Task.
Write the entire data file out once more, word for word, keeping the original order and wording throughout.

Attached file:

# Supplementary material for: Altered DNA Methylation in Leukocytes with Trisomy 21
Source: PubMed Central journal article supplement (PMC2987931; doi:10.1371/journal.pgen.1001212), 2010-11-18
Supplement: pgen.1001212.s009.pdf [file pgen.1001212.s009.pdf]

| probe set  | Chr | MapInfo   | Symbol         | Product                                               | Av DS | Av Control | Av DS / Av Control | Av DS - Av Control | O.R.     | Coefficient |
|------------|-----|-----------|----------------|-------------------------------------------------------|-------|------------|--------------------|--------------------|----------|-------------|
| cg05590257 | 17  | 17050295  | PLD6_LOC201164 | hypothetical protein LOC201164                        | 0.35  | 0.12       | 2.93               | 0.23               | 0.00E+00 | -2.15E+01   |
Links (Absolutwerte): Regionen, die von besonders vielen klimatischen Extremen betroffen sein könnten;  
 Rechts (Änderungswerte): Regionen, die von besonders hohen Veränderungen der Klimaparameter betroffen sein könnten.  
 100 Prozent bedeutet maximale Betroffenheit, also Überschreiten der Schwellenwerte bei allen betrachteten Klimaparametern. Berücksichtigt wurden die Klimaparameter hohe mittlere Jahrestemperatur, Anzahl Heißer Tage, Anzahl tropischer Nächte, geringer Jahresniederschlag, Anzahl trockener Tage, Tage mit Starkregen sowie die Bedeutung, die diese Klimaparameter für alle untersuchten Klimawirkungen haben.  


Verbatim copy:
# Supplementary material for: Altered DNA Methylation in Leukocytes with Trisomy 21
Source: PubMed Central journal article supplement (PMC2987931; doi:10.1371/journal.pgen.1001212), 2010-11-18
Supplement: pgen.1001212.s009.pdf [file pgen.1001212.s009.pdf]

| probe set  | Chr | MapInfo   | Symbol         | Product                                               | Av DS | Av Control | Av DS / Av Control | Av DS - Av Control | O.R.     | Coefficient |
|------------|-----|-----------|----------------|-------------------------------------------------------|-------|------------|--------------------|--------------------|----------|-------------|
| cg05590257 | 17  | 17050295  | PLD6_LOC201164 | hypothetical protein LOC201164                        | 0.35  | 0.12       | 2.93               | 0.23               | 0.00E+00 | -2.15E+01   |
Links (Absolutwerte): Regionen, die von besonders vielen klimatischen Extremen betroffen sein könnten;  
 Rechts (Änderungswerte): Regionen, die von besonders hohen Veränderungen der Klimaparameter betroffen sein könnten.  
 100 Prozent bedeutet maximale Betroffenheit, also Überschreiten der Schwellenwerte bei allen betrachteten Klimaparametern. Berücksichtigt wurden die Klimaparameter hohe mittlere Jahrestemperatur, Anzahl Heißer Tage, Anzahl tropischer Nächte, geringer Jahresniederschlag, Anzahl trockener Tage, Tage mit Starkregen sowie die Bedeutung, die diese Klimaparameter für alle untersuchten Klimawirkungen haben.  